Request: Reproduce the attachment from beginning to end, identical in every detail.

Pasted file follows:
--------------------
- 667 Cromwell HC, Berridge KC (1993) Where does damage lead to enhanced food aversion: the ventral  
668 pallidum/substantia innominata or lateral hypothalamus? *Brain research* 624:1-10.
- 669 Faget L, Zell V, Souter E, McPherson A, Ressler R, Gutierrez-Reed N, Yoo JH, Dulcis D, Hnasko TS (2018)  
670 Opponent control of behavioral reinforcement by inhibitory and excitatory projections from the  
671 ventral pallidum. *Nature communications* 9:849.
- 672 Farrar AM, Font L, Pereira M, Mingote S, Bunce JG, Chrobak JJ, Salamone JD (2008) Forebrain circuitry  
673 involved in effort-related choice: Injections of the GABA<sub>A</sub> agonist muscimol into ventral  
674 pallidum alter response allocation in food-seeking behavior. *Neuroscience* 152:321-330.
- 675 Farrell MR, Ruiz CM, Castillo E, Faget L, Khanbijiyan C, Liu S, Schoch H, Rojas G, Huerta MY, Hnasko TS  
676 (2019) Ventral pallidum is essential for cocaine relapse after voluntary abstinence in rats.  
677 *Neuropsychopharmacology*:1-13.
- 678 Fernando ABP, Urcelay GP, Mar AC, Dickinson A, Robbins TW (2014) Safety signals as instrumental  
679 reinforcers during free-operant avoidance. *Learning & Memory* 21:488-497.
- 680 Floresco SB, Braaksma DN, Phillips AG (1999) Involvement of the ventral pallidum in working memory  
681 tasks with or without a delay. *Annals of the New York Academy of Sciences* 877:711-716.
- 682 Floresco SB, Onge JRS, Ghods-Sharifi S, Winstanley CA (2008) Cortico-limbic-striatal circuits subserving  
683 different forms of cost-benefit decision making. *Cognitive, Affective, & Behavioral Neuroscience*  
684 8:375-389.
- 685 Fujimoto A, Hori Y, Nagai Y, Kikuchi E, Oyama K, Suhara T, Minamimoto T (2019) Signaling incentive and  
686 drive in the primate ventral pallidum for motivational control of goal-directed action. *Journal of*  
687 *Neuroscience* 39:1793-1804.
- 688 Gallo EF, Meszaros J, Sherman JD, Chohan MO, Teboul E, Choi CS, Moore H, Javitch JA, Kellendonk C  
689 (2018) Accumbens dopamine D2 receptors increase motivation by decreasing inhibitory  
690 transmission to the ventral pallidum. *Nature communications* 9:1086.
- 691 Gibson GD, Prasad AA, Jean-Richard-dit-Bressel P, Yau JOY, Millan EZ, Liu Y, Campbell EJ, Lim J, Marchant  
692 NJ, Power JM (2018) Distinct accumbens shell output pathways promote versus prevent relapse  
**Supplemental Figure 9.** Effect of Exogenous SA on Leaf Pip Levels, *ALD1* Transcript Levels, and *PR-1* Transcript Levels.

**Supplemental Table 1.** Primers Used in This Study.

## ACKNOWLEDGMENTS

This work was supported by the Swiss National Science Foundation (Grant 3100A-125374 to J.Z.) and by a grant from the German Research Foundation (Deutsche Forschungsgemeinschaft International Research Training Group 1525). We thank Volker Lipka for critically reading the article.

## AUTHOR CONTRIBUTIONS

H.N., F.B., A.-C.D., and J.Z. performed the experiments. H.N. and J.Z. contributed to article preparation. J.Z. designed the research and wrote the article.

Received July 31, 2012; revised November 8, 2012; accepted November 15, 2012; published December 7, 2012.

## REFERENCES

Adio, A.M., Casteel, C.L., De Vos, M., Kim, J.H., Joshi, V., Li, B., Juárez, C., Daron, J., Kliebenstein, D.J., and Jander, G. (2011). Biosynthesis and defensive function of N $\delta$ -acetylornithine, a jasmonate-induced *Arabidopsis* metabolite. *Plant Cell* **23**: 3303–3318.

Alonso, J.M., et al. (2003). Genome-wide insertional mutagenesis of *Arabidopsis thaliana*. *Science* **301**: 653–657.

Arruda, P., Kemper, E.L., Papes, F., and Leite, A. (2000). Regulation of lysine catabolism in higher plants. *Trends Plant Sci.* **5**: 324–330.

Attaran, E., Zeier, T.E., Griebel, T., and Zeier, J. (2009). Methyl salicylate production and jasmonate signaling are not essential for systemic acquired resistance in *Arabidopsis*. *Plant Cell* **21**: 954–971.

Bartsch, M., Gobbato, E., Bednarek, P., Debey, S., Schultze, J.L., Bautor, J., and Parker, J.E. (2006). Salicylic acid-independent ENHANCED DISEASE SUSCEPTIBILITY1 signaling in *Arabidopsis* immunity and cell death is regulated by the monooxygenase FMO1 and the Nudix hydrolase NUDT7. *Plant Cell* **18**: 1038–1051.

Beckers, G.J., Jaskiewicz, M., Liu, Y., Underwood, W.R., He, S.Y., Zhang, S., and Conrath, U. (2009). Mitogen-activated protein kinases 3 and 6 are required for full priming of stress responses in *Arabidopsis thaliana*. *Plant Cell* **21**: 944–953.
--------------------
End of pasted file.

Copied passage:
- 667 Cromwell HC, Berridge KC (1993) Where does damage lead to enhanced food aversion: the ventral  
668 pallidum/substantia innominata or lateral hypothalamus? *Brain research* 624:1-10.
- 669 Faget L, Zell V, Souter E, McPherson A, Ressler R, Gutierrez-Reed N, Yoo JH, Dulcis D, Hnasko TS (2018)  
670 Opponent control of behavioral reinforcement by inhibitory and excitatory projections from the  
671 ventral pallidum. *Nature communications* 9:849.
- 672 Farrar AM, Font L, Pereira M, Mingote S, Bunce JG, Chrobak JJ, Salamone JD (2008) Forebrain circuitry  
673 involved in effort-related choice: Injections of the GABA<sub>A</sub> agonist muscimol into ventral  
674 pallidum alter response allocation in food-seeking behavior. *Neuroscience* 152:321-330.
- 675 Farrell MR, Ruiz CM, Castillo E, Faget L, Khanbijiyan C, Liu S, Schoch H, Rojas G, Huerta MY, Hnasko TS  
676 (2019) Ventral pallidum is essential for cocaine relapse after voluntary abstinence in rats.  
677 *Neuropsychopharmacology*:1-13.
- 678 Fernando ABP, Urcelay GP, Mar AC, Dickinson A, Robbins TW (2014) Safety signals as instrumental  
679 reinforcers during free-operant avoidance. *Learning & Memory* 21:488-497.
- 680 Floresco SB, Braaksma DN, Phillips AG (1999) Involvement of the ventral pallidum in working memory  
681 tasks with or without a delay. *Annals of the New York Academy of Sciences* 877:711-716.
- 682 Floresco SB, Onge JRS, Ghods-Sharifi S, Winstanley CA (2008) Cortico-limbic-striatal circuits subserving  
683 different forms of cost-benefit decision making. *Cognitive, Affective, & Behavioral Neuroscience*  
684 8:375-389.
- 685 Fujimoto A, Hori Y, Nagai Y, Kikuchi E, Oyama K, Suhara T, Minamimoto T (2019) Signaling incentive and  
686 drive in the primate ventral pallidum for motivational control of goal-directed action. *Journal of*  
687 *Neuroscience* 39:1793-1804.
- 688 Gallo EF, Meszaros J, Sherman JD, Chohan MO, Teboul E, Choi CS, Moore H, Javitch JA, Kellendonk C  
689 (2018) Accumbens dopamine D2 receptors increase motivation by decreasing inhibitory  
690 transmission to the ventral pallidum. *Nature communications* 9:1086.
- 691 Gibson GD, Prasad AA, Jean-Richard-dit-Bressel P, Yau JOY, Millan EZ, Liu Y, Campbell EJ, Lim J, Marchant  
692 NJ, Power JM (2018) Distinct accumbens shell output pathways promote versus prevent relapse  
**Supplemental Figure 9.** Effect of Exogenous SA on Leaf Pip Levels, *ALD1* Transcript Levels, and *PR-1* Transcript Levels.

**Supplemental Table 1.** Primers Used in This Study.

## ACKNOWLEDGMENTS

This work was supported by the Swiss National Science Foundation (Grant 3100A-125374 to J.Z.) and by a grant from the German Research Foundation (Deutsche Forschungsgemeinschaft International Research Training Group 1525). We thank Volker Lipka for critically reading the article.

## AUTHOR CONTRIBUTIONS

H.N., F.B., A.-C.D., and J.Z. performed the experiments. H.N. and J.Z. contributed to article preparation. J.Z. designed the research and wrote the article.

Received July 31, 2012; revised November 8, 2012; accepted November 15, 2012; published December 7, 2012.

## REFERENCES

Adio, A.M., Casteel, C.L., De Vos, M., Kim, J.H., Joshi, V., Li, B., Juárez, C., Daron, J., Kliebenstein, D.J., and Jander, G. (2011). Biosynthesis and defensive function of N $\delta$ -acetylornithine, a jasmonate-induced *Arabidopsis* metabolite. *Plant Cell* **23**: 3303–3318.

Alonso, J.M., et al. (2003). Genome-wide insertional mutagenesis of *Arabidopsis thaliana*. *Science* **301**: 653–657.

Arruda, P., Kemper, E.L., Papes, F., and Leite, A. (2000). Regulation of lysine catabolism in higher plants. *Trends Plant Sci.* **5**: 324–330.

Attaran, E., Zeier, T.E., Griebel, T., and Zeier, J. (2009). Methyl salicylate production and jasmonate signaling are not essential for systemic acquired resistance in *Arabidopsis*. *Plant Cell* **21**: 954–971.

Bartsch, M., Gobbato, E., Bednarek, P., Debey, S., Schultze, J.L., Bautor, J., and Parker, J.E. (2006). Salicylic acid-independent ENHANCED DISEASE SUSCEPTIBILITY1 signaling in *Arabidopsis* immunity and cell death is regulated by the monooxygenase FMO1 and the Nudix hydrolase NUDT7. *Plant Cell* **18**: 1038–1051.

Beckers, G.J., Jaskiewicz, M., Liu, Y., Underwood, W.R., He, S.Y., Zhang, S., and Conrath, U. (2009). Mitogen-activated protein kinases 3 and 6 are required for full priming of stress responses in *Arabidopsis thaliana*. *Plant Cell* **21**: 944–953.